I’ve seen the heights, so what will change?  What will I believe?  What will drive me on through each day now that I know the truth?  Will I be satisfied again with being comfortable when someone else needs food or clothing or comfort?

No.  I cannot be happy with just getting by when unknown possibilities are there for the nurturing.  I cannot be buried with the stress of the temporariness of an aging body, a dying world.  I cannot allow the stresses and concerns of the tangible consume all my time and effort.  My thoughts flit back to the vastness of space and time.  There’s more; there’s a universe more; seek it, reach for it.  I find myself agreeing with Wordsworth,

“Our birth is but a sleep and a forgetting:
The Soul that rises with us, our life’s Star,
Hath had elsewhere its setting,
And cometh from afar:
Not in entire forgetfulness,
And not in utter nakedness,
But trailing clouds of glory
Do we come From God, who is our home:”

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Raining Apricots

image:google images

image:google images

Apricots.  Falling from the tree with loud plunks as they hit the H/A unit; sometimes arriving whole and only slightly dented or bruised at the point of impact; sometimes smashed flat, the sun kissed skin split wide and the goldenish-orangey inner flesh oozing out, its juice running rivulets through the dust and leaves on the metal casing.  Those that missed the H/A unit and landed in the grass,often look deceptively perfect until turned over to reveal the flesh half eaten away by birds and  the remaining half now crawling with ants and buzzing with mites.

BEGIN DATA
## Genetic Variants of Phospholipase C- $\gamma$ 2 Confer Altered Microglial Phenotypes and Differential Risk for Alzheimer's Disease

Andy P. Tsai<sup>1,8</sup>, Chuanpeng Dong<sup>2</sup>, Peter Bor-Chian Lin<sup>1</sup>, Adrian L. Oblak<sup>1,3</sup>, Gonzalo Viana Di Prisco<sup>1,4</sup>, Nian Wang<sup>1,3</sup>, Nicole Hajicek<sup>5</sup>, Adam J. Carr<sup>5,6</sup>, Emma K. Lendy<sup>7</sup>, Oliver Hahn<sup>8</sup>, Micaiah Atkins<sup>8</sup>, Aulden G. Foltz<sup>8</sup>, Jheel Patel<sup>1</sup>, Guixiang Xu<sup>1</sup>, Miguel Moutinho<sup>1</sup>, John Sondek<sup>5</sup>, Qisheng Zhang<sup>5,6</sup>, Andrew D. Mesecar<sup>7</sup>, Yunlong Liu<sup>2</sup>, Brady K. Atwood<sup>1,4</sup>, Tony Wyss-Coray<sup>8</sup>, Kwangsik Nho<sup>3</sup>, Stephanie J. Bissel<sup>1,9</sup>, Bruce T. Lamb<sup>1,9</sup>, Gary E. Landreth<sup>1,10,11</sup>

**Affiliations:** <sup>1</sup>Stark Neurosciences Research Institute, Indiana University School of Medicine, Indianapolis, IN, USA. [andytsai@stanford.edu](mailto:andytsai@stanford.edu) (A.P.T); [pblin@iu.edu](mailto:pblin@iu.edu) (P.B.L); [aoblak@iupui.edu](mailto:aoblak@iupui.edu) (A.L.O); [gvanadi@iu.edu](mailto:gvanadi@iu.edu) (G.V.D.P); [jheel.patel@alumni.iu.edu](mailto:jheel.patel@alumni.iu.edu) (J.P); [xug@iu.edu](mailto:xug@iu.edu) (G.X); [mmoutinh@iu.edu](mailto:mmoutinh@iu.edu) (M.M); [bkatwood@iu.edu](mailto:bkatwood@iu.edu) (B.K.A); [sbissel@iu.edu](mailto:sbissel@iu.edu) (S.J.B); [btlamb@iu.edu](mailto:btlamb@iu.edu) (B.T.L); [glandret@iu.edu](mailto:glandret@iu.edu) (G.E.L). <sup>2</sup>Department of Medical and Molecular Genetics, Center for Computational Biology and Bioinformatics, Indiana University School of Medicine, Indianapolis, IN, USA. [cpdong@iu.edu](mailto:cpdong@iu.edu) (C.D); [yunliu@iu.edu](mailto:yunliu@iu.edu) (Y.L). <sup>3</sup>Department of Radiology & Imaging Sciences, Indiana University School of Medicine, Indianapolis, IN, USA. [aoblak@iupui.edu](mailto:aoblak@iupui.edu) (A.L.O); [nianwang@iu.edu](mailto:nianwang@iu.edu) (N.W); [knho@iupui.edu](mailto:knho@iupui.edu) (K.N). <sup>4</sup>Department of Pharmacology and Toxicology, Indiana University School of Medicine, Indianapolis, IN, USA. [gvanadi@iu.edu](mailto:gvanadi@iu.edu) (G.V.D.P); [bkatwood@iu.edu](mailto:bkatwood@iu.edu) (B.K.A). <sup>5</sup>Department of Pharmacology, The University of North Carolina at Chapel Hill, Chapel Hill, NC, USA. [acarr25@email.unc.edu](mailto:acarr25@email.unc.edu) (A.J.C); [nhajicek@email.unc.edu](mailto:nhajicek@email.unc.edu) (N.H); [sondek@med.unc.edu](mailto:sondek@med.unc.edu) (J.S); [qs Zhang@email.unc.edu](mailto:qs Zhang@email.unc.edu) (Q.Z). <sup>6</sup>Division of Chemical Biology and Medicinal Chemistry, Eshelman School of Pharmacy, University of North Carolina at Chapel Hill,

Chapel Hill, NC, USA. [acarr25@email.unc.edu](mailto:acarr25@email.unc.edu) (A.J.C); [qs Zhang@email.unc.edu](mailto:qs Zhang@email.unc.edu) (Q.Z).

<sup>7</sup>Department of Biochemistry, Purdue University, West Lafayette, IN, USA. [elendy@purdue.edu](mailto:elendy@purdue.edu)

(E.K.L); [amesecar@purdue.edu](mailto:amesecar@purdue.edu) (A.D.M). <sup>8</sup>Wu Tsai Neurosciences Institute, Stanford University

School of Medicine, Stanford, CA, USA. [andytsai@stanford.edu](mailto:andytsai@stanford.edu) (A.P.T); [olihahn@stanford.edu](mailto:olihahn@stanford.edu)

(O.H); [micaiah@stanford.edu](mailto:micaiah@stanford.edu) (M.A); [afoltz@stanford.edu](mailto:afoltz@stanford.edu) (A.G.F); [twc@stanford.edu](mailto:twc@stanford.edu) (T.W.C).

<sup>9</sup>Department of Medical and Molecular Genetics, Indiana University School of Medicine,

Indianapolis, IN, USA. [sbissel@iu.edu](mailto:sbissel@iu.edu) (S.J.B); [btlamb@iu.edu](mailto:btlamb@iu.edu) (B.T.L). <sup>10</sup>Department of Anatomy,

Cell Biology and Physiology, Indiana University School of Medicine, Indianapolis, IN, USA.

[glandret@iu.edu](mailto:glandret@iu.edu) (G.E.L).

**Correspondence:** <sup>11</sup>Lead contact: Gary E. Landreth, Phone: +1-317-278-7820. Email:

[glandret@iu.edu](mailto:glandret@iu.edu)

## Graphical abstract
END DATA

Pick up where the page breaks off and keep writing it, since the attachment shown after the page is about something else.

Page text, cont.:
The wastefulness of this drives Mother crazy and because it drives her nuts, guess who also gets to go nuts?  Me, of course.  I’m ok with the birds and the bees and the squirrels and the bugs getting a few of the apricots, after all, that’s fewer that we have to deal with, right?  But, no, not Mother.  She remembers all the years when the tree provided lugs and lugs of fruit and Daddy climbed the ladder and used the nine foot fruit picker pole and that was a sight to see, believe you me.

This went on for twenty-five plus red years, Daddy got the fruit in and Mother blanched and iced and cut off the peal bandage and poured in the FruitFresh to keep the apricots from turning brown and then they were sealed in freezer burn containers and stacked in the stand-up freezer in the garage.  And when the freezer was iceberg full and Mother’s energy gone, lugs of apricots went to the church and all the people steeple happily took home a bag full.

And Daddy and Mother were grateful for the apricots and grateful for the plums, both the purple plums and the green plums, and Daddy planted Thompson seedless grapes along the east fence and Concord grapes next to the house along the east fence and Daddy plowed up a section of the yard and planted tomatoes and planted cucumbers and planted squash and daily he weeded and he watered and he fed the plants and he and Mother reaped a harvest.

image:google images

image:google images